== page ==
There seems to be a lot of confusion of what peak flow is, how it works and what is a ‘good’ score so I thought I’d make a post on it!
WHAT IS PEAK FLOW?
Firstly peak flow (PF) can also be called peak expiratory flow (PEF) or peak expiratory flow rate (PEFR) so any and all of these abbreviations means the same thing so don’t get confused if people write them differently!
PF is your maximum speed of expiration, so it literally just measures your ability to breathe out. It measures the airflow through the bronchi (large airways) and thus the degree of obstruction in those airways. However it won’t necessarily show restrictions in the smaller airways, and this is why some people have ‘unreliable’ PFs, as their asthma level and PF do not correlate due to their asthma not affecting the larger airways. That being said those whose asthma mainly affects smaller airways will normal have a drop of some description as there is less air in their lungs to breathe out, it just doesn’t meet with the ‘expected’ drop for the severity of attack.
When you use a peak flow meter (PFM) it measures litres per minute, but on spirometry it’s measured per second so anyone with confusion there, times it by 60 and you’ll be able to compare to your usual measurements 😉. There are many different ‘brands’ of manual PFM, as well as child ones (is a lower range). So long as it works and you’re not beating it (ie you have the kids one and your best is out of range 😉) then any is fine! I think mini-wright is the go to for most of the NHS but it really doesn’t matter! There are digital PFMs available, however there is no clear verdict on how good/accurate these are, and I think people often find they score a higher best on digital compared to manual. For this reason, whichever device you decide to use ou should stick to!
HOW TO DO PF CORRECTLY
Something that’s not always taught, but always commented on! To do it correctly you should do it standing (unless advised against this for other medical reasons), keeping the PFM horizontal (no angling up or down!), with the numbers facing up. Hold at the bottom (making sure to not impinge the moving arrows pathway!) and not the top/end. Take a big deep breath in, create a good seal with your lips on the mouth piece and blow AS HARD AS POSSIBLE! 😉😂 repeat it 3 times (with recovery if you need it) and the BEST score is the one that you count (I knew someone who thought it was the average and would then do more maths! 😅😂).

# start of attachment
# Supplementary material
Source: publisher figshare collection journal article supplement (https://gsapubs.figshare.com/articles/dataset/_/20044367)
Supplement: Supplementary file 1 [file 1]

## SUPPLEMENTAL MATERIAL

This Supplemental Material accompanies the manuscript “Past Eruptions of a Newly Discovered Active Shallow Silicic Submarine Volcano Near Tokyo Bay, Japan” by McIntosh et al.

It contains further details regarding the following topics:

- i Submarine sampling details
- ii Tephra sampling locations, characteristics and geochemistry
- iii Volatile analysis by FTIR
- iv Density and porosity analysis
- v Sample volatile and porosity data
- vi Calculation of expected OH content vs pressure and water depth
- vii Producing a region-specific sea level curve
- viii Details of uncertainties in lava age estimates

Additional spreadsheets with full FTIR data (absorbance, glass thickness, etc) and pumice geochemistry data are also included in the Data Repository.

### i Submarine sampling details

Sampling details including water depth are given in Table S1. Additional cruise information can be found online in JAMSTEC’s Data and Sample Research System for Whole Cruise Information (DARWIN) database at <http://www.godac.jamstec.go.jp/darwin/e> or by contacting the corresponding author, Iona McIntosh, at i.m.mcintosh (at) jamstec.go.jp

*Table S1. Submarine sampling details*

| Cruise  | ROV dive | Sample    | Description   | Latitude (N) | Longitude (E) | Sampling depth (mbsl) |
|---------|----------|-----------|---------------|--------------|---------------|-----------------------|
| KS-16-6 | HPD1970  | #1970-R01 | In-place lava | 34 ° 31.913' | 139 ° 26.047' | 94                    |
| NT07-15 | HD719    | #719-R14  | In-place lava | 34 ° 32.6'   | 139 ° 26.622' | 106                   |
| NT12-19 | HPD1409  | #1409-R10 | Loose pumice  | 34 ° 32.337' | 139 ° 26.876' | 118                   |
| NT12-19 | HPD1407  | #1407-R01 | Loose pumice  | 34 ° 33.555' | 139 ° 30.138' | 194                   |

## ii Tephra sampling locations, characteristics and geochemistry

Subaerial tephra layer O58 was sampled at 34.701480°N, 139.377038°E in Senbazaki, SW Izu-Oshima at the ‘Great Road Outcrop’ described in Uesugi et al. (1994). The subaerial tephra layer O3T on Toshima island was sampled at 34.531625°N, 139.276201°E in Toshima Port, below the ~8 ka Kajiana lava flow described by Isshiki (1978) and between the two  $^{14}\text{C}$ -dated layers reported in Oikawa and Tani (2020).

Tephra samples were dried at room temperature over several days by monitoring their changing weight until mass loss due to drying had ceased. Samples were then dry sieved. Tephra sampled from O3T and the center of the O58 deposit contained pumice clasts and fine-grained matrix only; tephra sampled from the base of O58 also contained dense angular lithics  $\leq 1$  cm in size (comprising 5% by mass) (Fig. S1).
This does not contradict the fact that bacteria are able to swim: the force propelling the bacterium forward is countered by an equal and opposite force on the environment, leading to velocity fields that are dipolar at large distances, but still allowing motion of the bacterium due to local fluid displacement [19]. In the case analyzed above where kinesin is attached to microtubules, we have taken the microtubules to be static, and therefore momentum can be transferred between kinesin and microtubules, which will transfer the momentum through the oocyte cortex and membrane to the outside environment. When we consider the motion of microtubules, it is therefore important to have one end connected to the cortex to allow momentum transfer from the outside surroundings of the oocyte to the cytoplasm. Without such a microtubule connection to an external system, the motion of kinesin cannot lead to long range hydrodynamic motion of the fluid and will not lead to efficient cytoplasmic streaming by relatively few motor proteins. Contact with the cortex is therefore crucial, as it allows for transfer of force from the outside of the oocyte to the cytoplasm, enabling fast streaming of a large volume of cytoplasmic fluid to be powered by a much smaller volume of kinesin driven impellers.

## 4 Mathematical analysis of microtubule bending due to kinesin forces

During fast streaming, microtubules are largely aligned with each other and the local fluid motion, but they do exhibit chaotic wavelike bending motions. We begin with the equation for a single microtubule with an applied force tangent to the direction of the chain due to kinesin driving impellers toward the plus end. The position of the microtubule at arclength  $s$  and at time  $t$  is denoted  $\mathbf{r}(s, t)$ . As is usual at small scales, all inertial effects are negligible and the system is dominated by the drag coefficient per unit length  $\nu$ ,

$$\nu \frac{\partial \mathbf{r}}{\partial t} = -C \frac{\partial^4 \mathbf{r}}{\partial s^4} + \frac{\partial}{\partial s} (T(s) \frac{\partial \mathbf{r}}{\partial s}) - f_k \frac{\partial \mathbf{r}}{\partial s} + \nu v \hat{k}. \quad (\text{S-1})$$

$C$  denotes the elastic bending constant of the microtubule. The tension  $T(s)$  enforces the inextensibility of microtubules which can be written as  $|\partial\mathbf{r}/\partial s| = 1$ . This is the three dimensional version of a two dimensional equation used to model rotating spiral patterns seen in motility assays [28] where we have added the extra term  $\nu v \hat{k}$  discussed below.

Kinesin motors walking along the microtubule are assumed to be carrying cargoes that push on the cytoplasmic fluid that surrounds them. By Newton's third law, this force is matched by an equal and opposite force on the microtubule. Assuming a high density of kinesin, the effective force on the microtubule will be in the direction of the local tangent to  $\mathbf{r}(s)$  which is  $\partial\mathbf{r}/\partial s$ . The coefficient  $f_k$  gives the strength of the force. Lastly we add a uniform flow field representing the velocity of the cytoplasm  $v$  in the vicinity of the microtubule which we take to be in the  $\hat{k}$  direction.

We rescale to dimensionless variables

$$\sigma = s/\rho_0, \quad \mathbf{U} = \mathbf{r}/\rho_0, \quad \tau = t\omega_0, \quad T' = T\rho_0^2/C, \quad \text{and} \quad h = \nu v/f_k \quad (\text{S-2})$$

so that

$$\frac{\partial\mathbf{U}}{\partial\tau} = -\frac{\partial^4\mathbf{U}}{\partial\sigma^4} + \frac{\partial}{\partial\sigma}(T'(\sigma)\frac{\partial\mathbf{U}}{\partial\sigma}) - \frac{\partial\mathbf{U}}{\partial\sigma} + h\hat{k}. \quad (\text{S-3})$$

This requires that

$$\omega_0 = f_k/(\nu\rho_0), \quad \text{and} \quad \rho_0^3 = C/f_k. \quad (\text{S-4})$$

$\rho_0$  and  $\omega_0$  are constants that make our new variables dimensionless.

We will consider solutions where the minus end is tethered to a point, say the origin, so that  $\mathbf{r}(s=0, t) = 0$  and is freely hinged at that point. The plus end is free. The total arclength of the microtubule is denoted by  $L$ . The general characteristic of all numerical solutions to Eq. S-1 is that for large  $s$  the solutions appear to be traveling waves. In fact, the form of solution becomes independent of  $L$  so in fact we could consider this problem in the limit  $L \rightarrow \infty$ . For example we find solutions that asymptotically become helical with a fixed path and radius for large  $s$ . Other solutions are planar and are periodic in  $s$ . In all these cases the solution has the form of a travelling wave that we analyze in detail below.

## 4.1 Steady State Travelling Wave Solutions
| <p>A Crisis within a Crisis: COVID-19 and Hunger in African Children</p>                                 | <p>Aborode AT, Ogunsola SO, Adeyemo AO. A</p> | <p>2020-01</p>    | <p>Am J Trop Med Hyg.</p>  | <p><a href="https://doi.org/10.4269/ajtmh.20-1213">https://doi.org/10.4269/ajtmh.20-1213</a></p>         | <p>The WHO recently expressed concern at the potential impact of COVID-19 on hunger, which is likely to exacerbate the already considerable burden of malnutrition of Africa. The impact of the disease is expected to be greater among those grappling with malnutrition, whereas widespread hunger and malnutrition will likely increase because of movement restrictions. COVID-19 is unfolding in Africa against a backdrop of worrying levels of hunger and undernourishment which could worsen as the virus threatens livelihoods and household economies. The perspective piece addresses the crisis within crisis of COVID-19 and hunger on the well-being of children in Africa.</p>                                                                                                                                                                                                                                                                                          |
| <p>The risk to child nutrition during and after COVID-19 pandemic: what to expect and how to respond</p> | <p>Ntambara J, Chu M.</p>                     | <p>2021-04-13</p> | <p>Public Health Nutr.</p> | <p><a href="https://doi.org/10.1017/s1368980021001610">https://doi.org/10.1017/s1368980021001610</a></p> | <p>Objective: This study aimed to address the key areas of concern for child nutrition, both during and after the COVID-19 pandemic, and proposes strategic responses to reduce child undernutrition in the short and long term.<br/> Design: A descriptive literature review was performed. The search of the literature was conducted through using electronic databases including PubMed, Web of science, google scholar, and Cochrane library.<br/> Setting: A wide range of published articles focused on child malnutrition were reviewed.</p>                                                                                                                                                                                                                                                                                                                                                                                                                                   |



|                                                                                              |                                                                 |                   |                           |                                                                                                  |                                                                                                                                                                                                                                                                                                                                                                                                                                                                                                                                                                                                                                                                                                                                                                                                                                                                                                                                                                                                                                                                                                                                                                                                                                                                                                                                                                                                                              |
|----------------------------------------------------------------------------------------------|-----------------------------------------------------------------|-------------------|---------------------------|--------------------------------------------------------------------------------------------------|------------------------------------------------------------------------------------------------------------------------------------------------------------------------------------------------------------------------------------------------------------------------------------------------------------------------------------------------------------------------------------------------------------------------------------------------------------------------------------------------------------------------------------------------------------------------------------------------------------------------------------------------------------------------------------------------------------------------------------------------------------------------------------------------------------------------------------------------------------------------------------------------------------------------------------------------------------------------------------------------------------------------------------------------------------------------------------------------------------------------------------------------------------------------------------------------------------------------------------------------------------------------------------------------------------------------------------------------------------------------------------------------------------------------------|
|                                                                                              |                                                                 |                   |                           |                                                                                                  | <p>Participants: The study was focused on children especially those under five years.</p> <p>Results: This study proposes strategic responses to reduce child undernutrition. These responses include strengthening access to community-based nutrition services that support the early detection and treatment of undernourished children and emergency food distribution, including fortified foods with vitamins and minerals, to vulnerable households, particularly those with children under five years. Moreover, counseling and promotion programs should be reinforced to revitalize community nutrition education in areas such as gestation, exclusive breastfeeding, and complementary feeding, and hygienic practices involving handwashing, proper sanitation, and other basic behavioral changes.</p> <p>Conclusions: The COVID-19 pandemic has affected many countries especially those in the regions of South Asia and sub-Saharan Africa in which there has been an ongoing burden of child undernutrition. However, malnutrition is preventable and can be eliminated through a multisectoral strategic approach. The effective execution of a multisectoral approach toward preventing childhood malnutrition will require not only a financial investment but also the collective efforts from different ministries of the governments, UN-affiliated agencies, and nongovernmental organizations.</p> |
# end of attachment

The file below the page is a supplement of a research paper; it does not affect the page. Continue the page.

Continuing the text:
HOW DOES IT SHOW ASTHMA?
Asthma is something that’s really hard to diagnose, but one this that is known is the reversibility. For asthma (even those with unreliable PFs) if you are having issues, taking 2 puffs of salbutamol should improve your score. This is known as the reversibility test, and is sometimes carried out in GP practices, as well as hospitals etc (officially its done with spirometry and other tests, but can be done unofficially with PFMs at home). Simply put, you do PF whilst mild-moderately symptomatic, you take inhaler, you wait 15 mins (time it takes for salb to kick in), you redo PF. If you have a big enough improvement it is indicative that asthma may be the issue, if there is little/no improvement it is more likely to be something else.
WHAT IS A GOOD PEAK FLOW?
Best peak flows are personal, and should be used over and above your predicted if you know it. If you don’t know your best you should use your predicted until you’ve worked it out! The current predicted chart I think was produced in the 70s/80s from a town in Scandinavia, so may not even truly represent the average for today anyway. And it is just that... an average! Some people will be way above predicted, others will be way below! There are so many things that can affect your best score, as it will be affected by how large your lungs are. As a random example if your lungs can at max hold 1L of air you will never ever be able to blow out more than 1L, even if your predicted is 1.5L, but if you can hold 3L of air then you should be able to blow out more than 1.5L. Some of the things that can affect your best scores are; gender, height, age, weight, PF technique, standing v sitting, time of day, high level/endurance/frequent sports, playing wind instruments, singing frequently/professionally/in a choir and smoking to name but a few. Factors like sports, music and smoking have a greater effect as a child, so the changes may last into adulthood, however it will affect as an adult too. This is why it’s pointless comparing best PFs as so many factors go into it, and it truly doesn’t represent anything but how big your lung fields are. My friend and I are predicted the same PF, she has no respiratory (or any health) issues and she gets 68% predicted, I have severe asthma and I get 143% predicted! Best scores can also increase and decrease over time (age being a factor 😉), so I think they say your best only counts if you’ve hit it in the last 6 months (I get confused between 6 or 12 but think it’s 6 😅), and you should hit it multiple times to confirm its your best (can be done all on the same day 😉). Those new to asthma often find as they gain control (and practice PF technique) their best also increases... personally I think it took a year before I found my best, and had to change my plan about 6 times 😅. And yes to anyone questioning, when you get a new best, you should then adapt the numbers of when you should seek help!